"...once you've had those times together, they become like a present you can open again and again. Humans call this memory, because they can't open their eyes wide enough to see around time, but real love isn't any less solid than picture frames or colored pencils, and a great deal more durable. Death can't take it from you once you've held it in your hand." – Pam Houston, Sight Hound

Many people find that their animals are the center of daily life, the source of meaningful routines and profoundly rich, mutual caregiving. When those animals die, the griever may feel adrift, utterly lost without the creature who was a companion to him or her through countless significant life transitions.

One of the most pressing fears in the time following a death is forgetting.

It is common to fear losing touch with the sensations and intimate details of a relationship with a beloved animal. A critical part of healing after loss involves finding a way to honor our loved ones. Memorials, rituals and tangible objects crafted in the memory of departed creatures allow us to acknowledge the importance of those beings to our lives.

Finding an anchor after loss

Lisa Havelin, the founder and artist behind Pet Reliquaries, has always had a keen understanding of death and grief. This bittersweet knowledge first surfaced when, at the age of five, she fell deeply in love with her first cat, Miss Moppet. "I was very aware that someday we would have to say goodbye," says Havelin. The two intimate companions had been together for 23 years when Miss Moppet died of kidney disease. Through her intense grief and metal-smithing skills, Havelin honed an interest in crafting reliquaries, ritual objects that have been used for centuries to house sacred objects. Havelin decided to create a piece of jewelry to hold a small portion of Moppet's ashes. In so doing, Havelin found that she was able to give her grief and love form. Using metal and cremains to create a piece of memorial jewelry enabled her to publicly honor her cat and transmute her own pain into something of meaning and beauty.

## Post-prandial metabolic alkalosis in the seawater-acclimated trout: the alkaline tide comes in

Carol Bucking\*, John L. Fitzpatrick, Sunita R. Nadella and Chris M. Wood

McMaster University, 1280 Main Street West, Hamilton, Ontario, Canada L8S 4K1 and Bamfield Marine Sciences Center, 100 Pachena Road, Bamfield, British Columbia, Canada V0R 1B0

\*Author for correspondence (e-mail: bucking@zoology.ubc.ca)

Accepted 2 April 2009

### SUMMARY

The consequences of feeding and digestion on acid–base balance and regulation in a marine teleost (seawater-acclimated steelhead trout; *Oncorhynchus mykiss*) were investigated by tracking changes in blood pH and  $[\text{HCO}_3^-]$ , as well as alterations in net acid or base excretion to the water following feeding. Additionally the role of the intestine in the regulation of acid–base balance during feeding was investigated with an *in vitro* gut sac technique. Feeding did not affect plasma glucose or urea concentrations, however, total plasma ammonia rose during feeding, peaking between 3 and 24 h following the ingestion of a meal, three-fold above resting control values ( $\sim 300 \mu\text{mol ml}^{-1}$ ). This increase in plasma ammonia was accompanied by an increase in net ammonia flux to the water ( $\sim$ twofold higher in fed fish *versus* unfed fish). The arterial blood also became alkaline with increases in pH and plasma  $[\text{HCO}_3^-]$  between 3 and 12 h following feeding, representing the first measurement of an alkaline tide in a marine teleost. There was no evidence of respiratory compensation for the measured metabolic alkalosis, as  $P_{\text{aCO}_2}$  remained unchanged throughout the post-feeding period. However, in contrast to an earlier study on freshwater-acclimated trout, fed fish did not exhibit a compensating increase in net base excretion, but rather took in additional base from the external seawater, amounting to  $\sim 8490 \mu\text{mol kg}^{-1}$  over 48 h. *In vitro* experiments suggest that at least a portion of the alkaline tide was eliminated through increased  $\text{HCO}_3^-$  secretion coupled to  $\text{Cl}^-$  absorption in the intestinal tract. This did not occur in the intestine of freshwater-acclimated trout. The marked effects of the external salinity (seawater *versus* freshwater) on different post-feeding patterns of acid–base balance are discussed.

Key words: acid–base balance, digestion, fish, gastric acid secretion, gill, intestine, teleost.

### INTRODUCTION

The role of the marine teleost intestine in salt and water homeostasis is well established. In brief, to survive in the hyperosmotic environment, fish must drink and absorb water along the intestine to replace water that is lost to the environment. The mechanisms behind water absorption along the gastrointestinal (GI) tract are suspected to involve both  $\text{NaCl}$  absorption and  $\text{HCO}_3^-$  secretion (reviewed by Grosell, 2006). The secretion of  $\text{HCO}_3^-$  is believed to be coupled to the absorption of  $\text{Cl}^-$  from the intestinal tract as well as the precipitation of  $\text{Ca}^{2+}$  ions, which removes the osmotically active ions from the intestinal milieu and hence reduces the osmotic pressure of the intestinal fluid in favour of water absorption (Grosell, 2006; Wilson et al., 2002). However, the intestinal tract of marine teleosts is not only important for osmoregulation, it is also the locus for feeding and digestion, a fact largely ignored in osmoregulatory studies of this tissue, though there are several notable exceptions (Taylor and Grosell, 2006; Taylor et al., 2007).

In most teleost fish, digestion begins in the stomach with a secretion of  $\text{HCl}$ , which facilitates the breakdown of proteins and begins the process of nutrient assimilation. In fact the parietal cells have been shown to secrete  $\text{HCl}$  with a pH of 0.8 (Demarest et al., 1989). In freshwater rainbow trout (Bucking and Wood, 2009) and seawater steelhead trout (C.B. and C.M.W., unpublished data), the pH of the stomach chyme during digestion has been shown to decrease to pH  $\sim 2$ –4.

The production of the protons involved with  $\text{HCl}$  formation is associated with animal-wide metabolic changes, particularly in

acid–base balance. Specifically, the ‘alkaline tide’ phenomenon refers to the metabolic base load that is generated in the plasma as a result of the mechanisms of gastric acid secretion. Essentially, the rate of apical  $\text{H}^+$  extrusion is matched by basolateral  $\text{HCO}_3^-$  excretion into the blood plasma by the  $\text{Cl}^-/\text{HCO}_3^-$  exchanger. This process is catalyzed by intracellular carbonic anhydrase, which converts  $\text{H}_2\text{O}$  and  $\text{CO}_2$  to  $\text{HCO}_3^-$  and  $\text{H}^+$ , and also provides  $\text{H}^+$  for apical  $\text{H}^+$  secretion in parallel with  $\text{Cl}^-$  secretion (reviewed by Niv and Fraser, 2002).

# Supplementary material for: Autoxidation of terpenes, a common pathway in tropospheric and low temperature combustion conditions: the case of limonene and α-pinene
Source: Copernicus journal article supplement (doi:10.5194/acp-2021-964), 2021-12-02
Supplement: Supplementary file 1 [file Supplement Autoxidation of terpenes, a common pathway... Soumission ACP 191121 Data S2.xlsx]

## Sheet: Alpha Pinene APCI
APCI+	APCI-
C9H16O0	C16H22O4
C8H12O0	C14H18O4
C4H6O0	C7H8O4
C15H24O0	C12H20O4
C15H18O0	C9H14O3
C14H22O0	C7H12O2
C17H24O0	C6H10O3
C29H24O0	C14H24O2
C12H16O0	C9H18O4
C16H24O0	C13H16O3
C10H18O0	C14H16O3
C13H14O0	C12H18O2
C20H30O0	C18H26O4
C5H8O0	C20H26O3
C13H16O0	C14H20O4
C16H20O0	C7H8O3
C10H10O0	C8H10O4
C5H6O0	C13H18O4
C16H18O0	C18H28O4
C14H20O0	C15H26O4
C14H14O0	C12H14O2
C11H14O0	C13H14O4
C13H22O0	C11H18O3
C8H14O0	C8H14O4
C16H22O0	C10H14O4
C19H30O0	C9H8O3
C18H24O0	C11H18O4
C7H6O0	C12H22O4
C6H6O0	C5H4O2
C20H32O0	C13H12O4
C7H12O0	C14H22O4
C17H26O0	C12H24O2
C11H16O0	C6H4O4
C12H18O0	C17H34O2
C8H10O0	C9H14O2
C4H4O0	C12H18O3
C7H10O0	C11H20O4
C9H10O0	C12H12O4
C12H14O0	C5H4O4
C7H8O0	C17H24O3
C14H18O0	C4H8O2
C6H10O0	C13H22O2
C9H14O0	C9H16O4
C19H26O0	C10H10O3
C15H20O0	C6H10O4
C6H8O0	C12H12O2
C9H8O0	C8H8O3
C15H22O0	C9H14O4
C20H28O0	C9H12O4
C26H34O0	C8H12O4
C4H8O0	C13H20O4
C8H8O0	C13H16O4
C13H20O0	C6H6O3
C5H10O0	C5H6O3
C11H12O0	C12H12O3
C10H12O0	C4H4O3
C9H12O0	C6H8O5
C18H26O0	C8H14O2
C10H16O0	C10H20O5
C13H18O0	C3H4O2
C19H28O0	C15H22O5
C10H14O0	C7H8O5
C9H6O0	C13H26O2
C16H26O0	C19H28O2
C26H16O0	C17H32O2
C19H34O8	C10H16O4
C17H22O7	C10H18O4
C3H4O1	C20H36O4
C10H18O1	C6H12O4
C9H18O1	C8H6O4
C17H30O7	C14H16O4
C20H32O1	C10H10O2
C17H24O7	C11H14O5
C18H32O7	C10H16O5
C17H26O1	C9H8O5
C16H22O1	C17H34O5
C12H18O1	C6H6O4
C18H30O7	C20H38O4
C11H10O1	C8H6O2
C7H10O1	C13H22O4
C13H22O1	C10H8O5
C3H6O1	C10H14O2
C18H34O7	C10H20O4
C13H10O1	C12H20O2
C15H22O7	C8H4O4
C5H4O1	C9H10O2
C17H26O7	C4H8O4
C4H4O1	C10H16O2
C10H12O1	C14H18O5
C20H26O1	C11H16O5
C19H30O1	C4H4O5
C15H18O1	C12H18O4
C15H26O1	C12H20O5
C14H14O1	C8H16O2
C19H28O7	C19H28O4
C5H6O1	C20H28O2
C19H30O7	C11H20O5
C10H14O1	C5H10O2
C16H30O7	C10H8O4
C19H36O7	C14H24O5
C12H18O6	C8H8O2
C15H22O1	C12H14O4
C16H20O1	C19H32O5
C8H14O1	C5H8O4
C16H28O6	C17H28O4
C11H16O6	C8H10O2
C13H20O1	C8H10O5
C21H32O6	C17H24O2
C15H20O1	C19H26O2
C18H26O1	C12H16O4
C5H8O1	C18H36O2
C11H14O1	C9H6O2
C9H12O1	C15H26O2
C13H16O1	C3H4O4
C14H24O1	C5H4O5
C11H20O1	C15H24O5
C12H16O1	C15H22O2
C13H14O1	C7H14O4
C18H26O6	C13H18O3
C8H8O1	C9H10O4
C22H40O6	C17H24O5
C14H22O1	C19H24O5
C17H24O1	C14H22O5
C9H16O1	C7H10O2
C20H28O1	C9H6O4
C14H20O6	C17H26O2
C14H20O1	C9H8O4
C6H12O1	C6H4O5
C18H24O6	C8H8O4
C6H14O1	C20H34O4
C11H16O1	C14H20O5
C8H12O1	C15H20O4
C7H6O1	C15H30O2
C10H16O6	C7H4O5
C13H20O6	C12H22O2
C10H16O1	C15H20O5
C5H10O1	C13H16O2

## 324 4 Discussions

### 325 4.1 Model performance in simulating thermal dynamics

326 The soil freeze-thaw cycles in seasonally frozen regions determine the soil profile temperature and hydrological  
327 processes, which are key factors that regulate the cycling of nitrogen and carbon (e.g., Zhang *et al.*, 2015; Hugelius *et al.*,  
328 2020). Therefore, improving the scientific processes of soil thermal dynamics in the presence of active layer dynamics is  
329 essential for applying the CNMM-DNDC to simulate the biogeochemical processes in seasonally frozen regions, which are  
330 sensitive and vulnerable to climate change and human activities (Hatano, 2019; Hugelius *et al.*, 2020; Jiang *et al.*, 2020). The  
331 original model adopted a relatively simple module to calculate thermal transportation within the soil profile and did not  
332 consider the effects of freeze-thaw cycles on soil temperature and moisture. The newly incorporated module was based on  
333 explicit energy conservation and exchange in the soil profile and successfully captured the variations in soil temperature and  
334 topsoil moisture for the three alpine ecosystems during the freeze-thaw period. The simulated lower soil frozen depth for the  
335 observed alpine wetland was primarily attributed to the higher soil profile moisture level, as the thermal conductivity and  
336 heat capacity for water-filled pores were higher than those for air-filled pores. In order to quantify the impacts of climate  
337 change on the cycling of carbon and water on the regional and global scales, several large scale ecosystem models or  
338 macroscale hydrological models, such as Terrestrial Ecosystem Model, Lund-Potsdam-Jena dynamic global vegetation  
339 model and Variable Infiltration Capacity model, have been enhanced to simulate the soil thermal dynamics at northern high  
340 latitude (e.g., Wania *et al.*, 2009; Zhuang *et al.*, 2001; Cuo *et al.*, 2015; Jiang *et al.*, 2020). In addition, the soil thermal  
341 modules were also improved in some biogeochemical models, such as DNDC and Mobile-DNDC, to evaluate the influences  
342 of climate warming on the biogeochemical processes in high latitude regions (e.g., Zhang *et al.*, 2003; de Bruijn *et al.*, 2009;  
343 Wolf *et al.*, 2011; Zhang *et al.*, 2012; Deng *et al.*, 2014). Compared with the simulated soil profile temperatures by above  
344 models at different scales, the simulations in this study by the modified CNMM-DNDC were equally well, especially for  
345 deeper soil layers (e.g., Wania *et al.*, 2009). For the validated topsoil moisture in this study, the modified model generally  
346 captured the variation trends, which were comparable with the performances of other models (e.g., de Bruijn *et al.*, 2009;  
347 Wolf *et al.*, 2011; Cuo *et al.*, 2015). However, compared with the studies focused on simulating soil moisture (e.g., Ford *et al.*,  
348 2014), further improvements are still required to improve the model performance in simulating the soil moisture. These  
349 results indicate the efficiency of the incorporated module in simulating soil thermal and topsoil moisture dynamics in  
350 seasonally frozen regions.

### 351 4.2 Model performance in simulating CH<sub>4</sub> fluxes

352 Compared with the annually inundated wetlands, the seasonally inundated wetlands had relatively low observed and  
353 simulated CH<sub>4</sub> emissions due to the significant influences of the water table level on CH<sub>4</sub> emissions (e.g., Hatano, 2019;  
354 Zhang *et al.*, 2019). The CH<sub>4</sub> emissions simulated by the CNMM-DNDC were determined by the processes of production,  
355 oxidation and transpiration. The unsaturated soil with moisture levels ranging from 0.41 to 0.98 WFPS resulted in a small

Making the intangible tangible

The process of creating a memorial gives those left behind a chance to reflect on what that animal provided and taught them. Havelin believes that reliquaries, like the mourning jewelry popular in the Victoria era, allow the griever to acknowledge a deeply felt loss while representing that relationship in a meaningful way. By her own description, Havelin's reliquary for Miss Moppet was purposely crafted as a wearable "reminder of who she was and what she taught me about how to navigate life."

Transforming pain through memories

The creative and spiritual process of creating a memorial may begin in any number of ways. Most people find it helpful to begin by jotting down stories or keeping a running list of favorite memories and nicknames before moving on to create a tangible memorial item. Storytelling can give rise to the symbols, colors, images and lessons that may later translate to a painting, scrapbook, piece of jewelry or memorial garden.

Regardless of what form the memorial may take, it is the process of creating it that engages the healing power many grieving people need. When we engage the fondness of memory, we give the body, mind and spirit a break from the heaviness of loss and can turn our favorite memories into an object of great meaning honoring an animal's life and legacy.

Jeannine Moga, MA, MSW, LICSW is a social worker and human-animal bond specialist at the University of Minnesota Veterinary Medical Center, and an editorial advisory board member for Star Tribune Pet Central. www.cvm.umn.edu/vmc/aboutvmc/clientsupport.html

Common ways to create memorials.

  • Planting a tree or a garden. Planting a living thing in honor of favorite animals can be a comforting reminder of their vibrancy and spirit. Specially chosen plants or locations may also represent an animal's favorite season or resting place.
  • Dedicating a brick or bench to a reflective space. Many hospitals, museums and animal welfare organizations welcome the opportunity to acknowledge a loved one through the dedication of an object that beautifies the space. The University of Minnesota's College of Veterinary Medicine offer multiple options for installing memorial objects and the funds directed to memorials support advancements in veterinary medicine: www.cvm.umn.edu
  • Creating a book or scrapbook. From the simple to the elaborate, stories in pictures and words are often a wonderful way to capture an animal's lifetime. Books and scrapbooks can be made by people of all ages to include all family members.
  • Crafting a memorial card, portrait or announcement. Greater attention is now being paid to human-animal relationships, and multiple options for pet memorial objects can be found online. My Treasured Pet Memorials is a good place to research. www. mytreasuredpetmemorials.com.
  • Creating a reliquary. Launched in 2005, Pet Reliquaries exists to help grievers honor their animals' unique lives. Lisa Havelin collaborates with her clients to create a vessel that captures the essence of that animal - usually a locket or brooch that holds a lock of fur, a twist of mane or tail, a whisker or a portion of ashes. www.petreliquaries.com.